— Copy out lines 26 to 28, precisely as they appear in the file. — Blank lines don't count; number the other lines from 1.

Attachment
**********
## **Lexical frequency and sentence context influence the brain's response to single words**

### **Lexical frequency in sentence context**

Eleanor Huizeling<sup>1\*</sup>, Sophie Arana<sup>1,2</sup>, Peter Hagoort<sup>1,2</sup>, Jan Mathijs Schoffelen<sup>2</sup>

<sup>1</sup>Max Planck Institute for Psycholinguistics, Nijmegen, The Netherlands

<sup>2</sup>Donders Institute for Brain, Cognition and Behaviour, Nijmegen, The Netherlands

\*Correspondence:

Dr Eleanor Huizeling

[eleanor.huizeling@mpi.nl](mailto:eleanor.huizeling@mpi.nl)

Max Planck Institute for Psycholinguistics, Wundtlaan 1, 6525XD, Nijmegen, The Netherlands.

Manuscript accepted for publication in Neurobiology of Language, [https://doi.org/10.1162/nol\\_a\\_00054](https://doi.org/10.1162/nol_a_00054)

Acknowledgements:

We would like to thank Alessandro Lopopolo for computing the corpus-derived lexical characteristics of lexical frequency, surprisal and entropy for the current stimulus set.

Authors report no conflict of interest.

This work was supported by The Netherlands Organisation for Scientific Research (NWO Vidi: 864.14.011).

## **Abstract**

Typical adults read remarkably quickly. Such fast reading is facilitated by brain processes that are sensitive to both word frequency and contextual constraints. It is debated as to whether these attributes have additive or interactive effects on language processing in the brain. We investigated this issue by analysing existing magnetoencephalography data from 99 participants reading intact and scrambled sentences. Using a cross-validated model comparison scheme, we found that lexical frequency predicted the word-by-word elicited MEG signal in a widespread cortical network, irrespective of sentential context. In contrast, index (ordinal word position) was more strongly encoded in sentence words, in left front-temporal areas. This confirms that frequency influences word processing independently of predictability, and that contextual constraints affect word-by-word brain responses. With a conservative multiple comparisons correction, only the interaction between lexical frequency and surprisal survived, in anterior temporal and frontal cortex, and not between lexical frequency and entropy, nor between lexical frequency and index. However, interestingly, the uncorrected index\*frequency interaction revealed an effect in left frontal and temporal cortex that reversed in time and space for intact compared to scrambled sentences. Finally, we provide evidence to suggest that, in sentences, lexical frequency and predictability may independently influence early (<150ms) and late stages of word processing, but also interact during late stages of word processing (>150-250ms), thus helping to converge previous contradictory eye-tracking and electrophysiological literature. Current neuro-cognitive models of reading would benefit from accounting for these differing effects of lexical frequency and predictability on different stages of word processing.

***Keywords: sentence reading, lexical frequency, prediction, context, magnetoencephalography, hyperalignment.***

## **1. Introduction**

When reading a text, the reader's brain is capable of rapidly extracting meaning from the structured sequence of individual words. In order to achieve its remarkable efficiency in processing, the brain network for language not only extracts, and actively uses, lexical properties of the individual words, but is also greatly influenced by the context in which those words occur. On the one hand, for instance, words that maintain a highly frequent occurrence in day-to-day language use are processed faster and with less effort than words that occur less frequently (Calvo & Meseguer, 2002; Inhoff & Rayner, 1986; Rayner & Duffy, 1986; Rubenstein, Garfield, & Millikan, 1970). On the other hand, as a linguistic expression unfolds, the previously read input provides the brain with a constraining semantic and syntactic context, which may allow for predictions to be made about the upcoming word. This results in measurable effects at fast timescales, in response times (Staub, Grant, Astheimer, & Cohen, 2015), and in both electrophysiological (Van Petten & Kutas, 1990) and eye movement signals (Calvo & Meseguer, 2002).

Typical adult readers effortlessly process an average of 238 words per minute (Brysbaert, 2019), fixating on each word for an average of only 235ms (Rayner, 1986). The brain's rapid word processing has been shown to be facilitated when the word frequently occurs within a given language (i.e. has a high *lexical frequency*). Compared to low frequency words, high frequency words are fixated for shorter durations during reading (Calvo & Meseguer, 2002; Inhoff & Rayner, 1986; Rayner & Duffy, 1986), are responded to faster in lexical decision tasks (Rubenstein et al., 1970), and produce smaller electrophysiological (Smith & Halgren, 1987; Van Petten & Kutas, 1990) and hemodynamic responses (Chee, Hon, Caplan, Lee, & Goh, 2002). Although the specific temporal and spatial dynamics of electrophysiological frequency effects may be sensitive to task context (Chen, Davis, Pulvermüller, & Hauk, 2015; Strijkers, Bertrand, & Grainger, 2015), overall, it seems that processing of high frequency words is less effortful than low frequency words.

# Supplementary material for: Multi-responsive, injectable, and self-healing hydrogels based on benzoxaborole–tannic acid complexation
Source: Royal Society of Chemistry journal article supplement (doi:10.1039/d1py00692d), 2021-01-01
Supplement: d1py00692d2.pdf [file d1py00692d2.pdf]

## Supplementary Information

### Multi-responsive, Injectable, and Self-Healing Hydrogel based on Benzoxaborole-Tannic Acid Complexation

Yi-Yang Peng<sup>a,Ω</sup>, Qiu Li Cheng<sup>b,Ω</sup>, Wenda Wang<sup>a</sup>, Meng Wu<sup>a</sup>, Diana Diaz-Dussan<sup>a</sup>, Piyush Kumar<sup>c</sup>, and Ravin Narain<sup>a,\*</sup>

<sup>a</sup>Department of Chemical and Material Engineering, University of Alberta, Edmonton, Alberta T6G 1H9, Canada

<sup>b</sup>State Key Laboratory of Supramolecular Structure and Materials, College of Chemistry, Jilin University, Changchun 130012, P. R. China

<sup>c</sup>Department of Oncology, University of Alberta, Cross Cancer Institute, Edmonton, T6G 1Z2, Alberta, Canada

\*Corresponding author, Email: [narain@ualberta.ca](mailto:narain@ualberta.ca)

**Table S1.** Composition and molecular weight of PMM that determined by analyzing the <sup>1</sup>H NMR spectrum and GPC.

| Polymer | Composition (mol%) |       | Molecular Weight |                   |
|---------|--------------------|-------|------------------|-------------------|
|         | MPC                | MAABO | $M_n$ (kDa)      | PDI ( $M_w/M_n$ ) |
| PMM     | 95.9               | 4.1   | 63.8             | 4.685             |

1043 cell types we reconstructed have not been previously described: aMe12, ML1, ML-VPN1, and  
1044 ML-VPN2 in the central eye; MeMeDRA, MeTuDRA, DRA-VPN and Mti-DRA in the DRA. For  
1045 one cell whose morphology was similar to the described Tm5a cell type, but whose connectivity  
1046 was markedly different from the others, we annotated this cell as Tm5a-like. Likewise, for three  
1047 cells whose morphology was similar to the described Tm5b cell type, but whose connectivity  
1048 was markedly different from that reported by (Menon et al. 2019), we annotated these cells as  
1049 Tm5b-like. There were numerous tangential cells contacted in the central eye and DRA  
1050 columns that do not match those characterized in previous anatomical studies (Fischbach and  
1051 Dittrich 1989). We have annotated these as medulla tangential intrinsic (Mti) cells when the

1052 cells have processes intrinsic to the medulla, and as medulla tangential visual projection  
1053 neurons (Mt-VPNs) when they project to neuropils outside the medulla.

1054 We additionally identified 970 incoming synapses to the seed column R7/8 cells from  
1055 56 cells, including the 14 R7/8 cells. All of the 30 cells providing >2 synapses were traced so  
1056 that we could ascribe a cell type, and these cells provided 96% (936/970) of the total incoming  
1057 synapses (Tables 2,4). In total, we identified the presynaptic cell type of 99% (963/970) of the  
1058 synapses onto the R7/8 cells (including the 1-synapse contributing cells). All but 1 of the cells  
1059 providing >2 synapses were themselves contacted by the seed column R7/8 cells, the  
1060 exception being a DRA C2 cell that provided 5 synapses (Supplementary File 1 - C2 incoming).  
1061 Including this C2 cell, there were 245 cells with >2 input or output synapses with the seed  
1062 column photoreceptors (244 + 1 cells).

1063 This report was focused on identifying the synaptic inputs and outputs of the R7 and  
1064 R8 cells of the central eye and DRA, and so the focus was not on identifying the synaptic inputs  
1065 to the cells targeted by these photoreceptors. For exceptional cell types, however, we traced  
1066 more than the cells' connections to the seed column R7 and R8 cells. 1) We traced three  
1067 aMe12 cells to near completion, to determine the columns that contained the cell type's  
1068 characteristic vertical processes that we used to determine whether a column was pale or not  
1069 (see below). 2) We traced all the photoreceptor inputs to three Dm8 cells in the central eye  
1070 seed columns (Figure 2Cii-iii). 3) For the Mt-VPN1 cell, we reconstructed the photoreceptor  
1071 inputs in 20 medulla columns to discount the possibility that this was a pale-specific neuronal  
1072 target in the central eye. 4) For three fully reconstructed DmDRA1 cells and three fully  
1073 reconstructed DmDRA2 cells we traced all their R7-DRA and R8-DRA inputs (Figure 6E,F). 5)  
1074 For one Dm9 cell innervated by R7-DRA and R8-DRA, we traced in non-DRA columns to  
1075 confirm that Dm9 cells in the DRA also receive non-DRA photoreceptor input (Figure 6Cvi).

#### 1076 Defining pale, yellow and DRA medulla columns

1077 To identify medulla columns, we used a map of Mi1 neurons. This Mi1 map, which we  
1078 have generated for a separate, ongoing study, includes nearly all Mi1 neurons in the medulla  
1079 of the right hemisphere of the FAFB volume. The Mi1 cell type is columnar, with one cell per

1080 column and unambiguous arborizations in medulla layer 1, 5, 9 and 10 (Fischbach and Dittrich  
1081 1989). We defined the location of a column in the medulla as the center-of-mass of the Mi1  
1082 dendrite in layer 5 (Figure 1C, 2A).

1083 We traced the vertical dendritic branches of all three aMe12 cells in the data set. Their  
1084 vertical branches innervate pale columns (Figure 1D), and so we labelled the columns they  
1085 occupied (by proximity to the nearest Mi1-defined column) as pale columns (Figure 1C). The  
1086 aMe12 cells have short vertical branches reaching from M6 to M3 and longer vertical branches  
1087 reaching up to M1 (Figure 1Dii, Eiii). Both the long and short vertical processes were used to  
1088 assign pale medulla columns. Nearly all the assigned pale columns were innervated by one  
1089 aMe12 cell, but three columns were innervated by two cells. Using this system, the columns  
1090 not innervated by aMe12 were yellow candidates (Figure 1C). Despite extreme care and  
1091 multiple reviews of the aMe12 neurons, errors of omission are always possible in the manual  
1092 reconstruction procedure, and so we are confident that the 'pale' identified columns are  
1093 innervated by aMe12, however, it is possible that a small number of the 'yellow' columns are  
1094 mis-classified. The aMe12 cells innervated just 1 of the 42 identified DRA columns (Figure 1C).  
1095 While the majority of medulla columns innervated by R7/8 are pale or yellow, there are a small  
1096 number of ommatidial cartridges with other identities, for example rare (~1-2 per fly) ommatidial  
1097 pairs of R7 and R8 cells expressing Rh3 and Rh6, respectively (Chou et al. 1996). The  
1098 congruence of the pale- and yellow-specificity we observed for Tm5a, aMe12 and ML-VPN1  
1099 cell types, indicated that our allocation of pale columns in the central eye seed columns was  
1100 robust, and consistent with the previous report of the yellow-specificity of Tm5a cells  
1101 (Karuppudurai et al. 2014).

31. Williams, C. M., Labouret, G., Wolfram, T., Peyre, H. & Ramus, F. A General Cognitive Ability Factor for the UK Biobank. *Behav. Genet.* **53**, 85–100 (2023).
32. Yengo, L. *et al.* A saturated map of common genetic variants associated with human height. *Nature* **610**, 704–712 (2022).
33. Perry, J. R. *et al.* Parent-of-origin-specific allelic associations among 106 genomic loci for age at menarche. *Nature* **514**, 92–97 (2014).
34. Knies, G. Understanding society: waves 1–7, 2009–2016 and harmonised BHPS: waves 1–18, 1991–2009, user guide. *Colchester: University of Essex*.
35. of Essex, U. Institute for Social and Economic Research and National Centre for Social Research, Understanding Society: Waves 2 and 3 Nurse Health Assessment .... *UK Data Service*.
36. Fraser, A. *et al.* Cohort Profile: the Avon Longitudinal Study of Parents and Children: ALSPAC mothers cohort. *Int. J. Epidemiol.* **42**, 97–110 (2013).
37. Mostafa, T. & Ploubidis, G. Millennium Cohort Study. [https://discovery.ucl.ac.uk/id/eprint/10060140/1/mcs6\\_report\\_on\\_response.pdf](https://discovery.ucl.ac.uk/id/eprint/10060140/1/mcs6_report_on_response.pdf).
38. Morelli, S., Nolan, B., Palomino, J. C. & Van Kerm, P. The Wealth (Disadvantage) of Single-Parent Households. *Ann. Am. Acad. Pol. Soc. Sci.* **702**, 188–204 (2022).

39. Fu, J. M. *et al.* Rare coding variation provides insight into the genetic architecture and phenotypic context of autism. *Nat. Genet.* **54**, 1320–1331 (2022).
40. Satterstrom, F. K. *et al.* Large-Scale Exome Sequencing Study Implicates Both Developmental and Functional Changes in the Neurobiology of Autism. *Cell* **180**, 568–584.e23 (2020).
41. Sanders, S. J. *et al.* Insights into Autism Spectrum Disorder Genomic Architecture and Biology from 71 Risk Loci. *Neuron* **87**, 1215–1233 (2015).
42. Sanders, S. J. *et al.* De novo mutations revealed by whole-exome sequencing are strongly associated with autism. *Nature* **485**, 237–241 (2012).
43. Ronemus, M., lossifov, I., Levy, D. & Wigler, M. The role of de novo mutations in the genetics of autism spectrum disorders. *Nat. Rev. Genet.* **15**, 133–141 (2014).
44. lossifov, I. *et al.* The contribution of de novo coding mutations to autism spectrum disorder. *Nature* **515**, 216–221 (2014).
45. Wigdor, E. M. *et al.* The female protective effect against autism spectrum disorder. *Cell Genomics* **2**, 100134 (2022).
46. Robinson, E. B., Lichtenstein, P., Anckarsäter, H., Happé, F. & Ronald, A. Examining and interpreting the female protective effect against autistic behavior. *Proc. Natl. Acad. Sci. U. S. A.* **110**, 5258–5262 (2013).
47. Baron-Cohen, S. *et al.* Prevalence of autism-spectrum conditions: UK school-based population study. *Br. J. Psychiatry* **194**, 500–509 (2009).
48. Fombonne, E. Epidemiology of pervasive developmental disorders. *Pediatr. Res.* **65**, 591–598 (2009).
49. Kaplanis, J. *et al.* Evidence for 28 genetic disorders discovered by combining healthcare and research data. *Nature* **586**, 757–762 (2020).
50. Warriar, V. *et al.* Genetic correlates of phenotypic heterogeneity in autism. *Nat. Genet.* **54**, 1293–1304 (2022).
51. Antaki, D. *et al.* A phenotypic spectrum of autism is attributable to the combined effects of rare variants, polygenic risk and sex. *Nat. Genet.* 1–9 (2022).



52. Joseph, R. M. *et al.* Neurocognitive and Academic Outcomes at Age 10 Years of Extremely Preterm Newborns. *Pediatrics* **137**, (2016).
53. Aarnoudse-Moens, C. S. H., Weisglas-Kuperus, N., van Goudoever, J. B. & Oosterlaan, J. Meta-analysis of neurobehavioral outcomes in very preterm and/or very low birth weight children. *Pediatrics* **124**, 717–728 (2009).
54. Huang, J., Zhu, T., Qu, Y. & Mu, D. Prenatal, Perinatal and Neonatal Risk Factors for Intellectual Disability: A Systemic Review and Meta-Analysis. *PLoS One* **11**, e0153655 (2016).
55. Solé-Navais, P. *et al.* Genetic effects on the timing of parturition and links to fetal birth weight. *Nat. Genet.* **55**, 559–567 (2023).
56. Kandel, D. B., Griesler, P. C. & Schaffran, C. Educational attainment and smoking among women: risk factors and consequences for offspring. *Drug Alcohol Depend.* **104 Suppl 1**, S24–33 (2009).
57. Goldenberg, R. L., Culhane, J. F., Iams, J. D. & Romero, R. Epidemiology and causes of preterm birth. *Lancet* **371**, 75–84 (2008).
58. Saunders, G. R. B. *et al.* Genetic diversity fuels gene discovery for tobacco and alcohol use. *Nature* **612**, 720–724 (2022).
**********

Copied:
Yi-Yang Peng<sup>a,Ω</sup>, Qiu Li Cheng<sup>b,Ω</sup>, Wenda Wang<sup>a</sup>, Meng Wu<sup>a</sup>, Diana Diaz-Dussan<sup>a</sup>, Piyush Kumar<sup>c</sup>, and Ravin Narain<sup>a,\*</sup>

<sup>a</sup>Department of Chemical and Material Engineering, University of Alberta, Edmonton, Alberta T6G 1H9, Canada

<sup>b</sup>State Key Laboratory of Supramolecular Structure and Materials, College of Chemistry, Jilin University, Changchun 130012, P. R. China